Anyone that knows Germany will be aware of a local delicacy known as the ‘bratwurst’. Despite being popular with Germans, these huge sausages were often given a wide berth by British soldiers after the end of the Second World War.
For Brits, their ingredients of blood, brains, liver and bacon thrust into bladder or intestine was hard to stomach.
However, in 1949, Herta Heuwer changed all that after setting up a tiny wooden kiosk across the road from the Charlottenburg railway station in what was then the British Zone.
From there, she began serving an unusual dish for 60 pfennigs a portion.
Somehow – probably through the black market – Herta managed to obtain bottles of tomato ketchup, Worcestershire sauce and curry powder from the Naafi shop, which supplied food, cigarettes and chocolate to the British troops. She then mixed the ingredients together and poured it over grilled sausages – giving birth to the Currywurst.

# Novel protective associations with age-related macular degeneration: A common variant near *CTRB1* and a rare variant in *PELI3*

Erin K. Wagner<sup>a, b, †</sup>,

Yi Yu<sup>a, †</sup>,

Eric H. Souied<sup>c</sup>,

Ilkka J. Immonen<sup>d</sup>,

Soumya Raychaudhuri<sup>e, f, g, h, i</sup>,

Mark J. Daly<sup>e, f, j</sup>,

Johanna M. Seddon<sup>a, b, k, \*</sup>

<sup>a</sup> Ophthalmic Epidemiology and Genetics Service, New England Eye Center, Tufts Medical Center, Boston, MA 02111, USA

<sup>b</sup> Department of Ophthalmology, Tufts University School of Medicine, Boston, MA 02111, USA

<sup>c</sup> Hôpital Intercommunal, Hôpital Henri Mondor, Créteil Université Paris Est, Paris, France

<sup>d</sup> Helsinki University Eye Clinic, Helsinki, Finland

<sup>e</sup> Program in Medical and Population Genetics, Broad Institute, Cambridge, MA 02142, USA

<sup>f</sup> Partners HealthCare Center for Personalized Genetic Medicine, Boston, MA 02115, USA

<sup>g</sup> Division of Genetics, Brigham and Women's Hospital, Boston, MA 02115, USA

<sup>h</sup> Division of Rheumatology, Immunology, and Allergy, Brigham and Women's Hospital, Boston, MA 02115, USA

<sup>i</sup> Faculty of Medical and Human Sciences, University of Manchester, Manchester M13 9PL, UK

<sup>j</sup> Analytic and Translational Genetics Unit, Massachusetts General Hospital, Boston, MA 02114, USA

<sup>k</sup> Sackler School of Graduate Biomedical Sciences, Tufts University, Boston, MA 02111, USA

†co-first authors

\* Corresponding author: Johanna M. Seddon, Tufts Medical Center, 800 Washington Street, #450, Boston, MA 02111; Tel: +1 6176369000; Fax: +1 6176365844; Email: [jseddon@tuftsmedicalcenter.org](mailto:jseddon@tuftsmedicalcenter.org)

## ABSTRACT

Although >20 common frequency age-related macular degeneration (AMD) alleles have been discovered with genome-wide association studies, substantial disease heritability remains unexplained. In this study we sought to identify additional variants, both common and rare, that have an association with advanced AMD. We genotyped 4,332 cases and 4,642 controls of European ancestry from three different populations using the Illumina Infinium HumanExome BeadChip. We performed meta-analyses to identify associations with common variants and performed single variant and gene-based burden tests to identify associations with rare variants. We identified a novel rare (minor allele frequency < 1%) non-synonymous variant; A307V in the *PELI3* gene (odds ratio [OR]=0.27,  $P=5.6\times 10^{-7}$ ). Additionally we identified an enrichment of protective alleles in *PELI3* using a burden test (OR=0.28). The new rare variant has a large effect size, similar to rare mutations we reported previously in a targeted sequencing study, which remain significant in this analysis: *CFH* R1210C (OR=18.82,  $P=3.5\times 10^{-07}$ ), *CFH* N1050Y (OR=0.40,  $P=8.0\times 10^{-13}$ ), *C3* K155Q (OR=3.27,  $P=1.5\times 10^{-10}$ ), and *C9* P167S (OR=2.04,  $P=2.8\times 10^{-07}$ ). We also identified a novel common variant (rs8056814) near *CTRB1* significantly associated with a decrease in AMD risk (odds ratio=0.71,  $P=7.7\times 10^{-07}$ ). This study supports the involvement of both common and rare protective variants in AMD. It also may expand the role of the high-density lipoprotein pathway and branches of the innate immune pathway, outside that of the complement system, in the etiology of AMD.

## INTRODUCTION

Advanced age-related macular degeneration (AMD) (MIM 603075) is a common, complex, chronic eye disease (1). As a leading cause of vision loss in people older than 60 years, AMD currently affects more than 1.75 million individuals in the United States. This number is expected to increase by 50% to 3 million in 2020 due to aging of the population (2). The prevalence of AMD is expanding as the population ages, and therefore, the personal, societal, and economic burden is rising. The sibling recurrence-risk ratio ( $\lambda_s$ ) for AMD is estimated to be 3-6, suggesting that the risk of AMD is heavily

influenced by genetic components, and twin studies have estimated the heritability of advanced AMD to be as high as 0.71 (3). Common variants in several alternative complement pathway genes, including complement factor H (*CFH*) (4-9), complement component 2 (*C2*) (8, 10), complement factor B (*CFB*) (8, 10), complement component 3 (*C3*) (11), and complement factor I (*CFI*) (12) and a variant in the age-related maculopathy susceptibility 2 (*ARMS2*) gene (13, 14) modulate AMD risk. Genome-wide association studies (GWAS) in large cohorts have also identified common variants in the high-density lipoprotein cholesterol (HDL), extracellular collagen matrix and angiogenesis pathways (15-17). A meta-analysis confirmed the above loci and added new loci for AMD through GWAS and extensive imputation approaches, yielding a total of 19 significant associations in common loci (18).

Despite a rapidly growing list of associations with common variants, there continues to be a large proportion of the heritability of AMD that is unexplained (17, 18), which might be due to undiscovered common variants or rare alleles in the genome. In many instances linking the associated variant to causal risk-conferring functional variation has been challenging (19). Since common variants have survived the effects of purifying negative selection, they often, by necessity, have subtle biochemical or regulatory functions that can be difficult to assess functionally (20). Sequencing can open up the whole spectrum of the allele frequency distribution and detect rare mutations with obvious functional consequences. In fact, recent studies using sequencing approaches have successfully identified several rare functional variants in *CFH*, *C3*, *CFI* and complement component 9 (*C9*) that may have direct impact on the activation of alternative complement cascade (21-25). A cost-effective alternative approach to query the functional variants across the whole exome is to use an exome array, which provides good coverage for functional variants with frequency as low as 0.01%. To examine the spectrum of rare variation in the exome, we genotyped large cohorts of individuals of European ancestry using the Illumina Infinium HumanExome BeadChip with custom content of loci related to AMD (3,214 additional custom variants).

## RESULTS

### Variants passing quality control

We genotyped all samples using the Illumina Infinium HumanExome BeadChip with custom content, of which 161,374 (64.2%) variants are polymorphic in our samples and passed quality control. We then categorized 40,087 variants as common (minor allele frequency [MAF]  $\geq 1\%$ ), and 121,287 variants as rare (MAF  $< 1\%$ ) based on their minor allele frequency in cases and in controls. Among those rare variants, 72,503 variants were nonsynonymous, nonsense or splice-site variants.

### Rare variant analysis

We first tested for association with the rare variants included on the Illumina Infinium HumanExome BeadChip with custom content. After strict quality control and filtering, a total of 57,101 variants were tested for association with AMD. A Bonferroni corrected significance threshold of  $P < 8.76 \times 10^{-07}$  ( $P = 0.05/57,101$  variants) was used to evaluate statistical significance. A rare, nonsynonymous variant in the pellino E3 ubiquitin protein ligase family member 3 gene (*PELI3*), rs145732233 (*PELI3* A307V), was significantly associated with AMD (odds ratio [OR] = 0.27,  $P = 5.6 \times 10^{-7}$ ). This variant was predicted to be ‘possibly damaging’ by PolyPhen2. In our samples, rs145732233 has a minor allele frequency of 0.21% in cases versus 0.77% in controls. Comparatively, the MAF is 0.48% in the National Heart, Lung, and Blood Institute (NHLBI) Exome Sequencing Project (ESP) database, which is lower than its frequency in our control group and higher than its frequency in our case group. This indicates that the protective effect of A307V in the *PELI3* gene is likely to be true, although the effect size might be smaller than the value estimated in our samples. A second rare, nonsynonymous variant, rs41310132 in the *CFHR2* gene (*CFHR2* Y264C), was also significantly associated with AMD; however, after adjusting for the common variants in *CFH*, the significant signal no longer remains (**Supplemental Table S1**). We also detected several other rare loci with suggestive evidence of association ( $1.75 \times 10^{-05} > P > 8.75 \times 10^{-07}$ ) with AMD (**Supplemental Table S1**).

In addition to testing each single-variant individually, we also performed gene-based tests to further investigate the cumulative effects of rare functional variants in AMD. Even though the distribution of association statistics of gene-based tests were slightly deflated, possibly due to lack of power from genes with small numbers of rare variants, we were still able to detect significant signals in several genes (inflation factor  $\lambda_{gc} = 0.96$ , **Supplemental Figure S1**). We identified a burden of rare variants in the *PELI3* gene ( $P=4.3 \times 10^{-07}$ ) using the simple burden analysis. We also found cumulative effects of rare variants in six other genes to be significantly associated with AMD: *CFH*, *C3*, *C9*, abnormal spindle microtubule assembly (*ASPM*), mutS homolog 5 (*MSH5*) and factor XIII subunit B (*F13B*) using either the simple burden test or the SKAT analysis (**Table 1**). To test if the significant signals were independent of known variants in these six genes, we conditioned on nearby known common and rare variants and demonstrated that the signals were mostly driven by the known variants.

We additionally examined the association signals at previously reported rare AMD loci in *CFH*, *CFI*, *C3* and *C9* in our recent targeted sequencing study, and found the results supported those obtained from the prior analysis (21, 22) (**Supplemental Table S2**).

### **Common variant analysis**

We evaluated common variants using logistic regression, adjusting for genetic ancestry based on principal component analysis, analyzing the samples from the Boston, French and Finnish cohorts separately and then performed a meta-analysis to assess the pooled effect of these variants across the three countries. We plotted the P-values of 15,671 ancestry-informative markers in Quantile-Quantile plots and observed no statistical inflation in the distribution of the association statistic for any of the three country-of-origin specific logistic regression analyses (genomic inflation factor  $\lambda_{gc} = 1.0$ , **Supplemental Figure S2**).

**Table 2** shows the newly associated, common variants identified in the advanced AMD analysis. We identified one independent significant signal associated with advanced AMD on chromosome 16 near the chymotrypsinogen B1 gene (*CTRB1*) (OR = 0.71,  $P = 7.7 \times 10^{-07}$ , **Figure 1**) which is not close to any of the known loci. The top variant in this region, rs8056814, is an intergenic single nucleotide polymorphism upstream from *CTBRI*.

“Her sole pre-war occupation had been as a shop assistant, and her story is similar to that of Tesco’s Jack Cohen, in as much as she also carved out a successful career thanks to Naafi,” says Nathan Morley, author of a new book called “Canteen Army: The Naafi Story.”
Even though Frankfurter sausages are still eaten by everybody, the once popular Blutwurst, Mettwurst and Leberwurst cannot compete with her curried sausage.
Herta patented her recipe in the 50s, and although she did not earn millions, she bought a nice house and enjoyed a comfortable retirement until her death. As of 2018, it was estimated that 800 million currywursts are eaten every year in Germany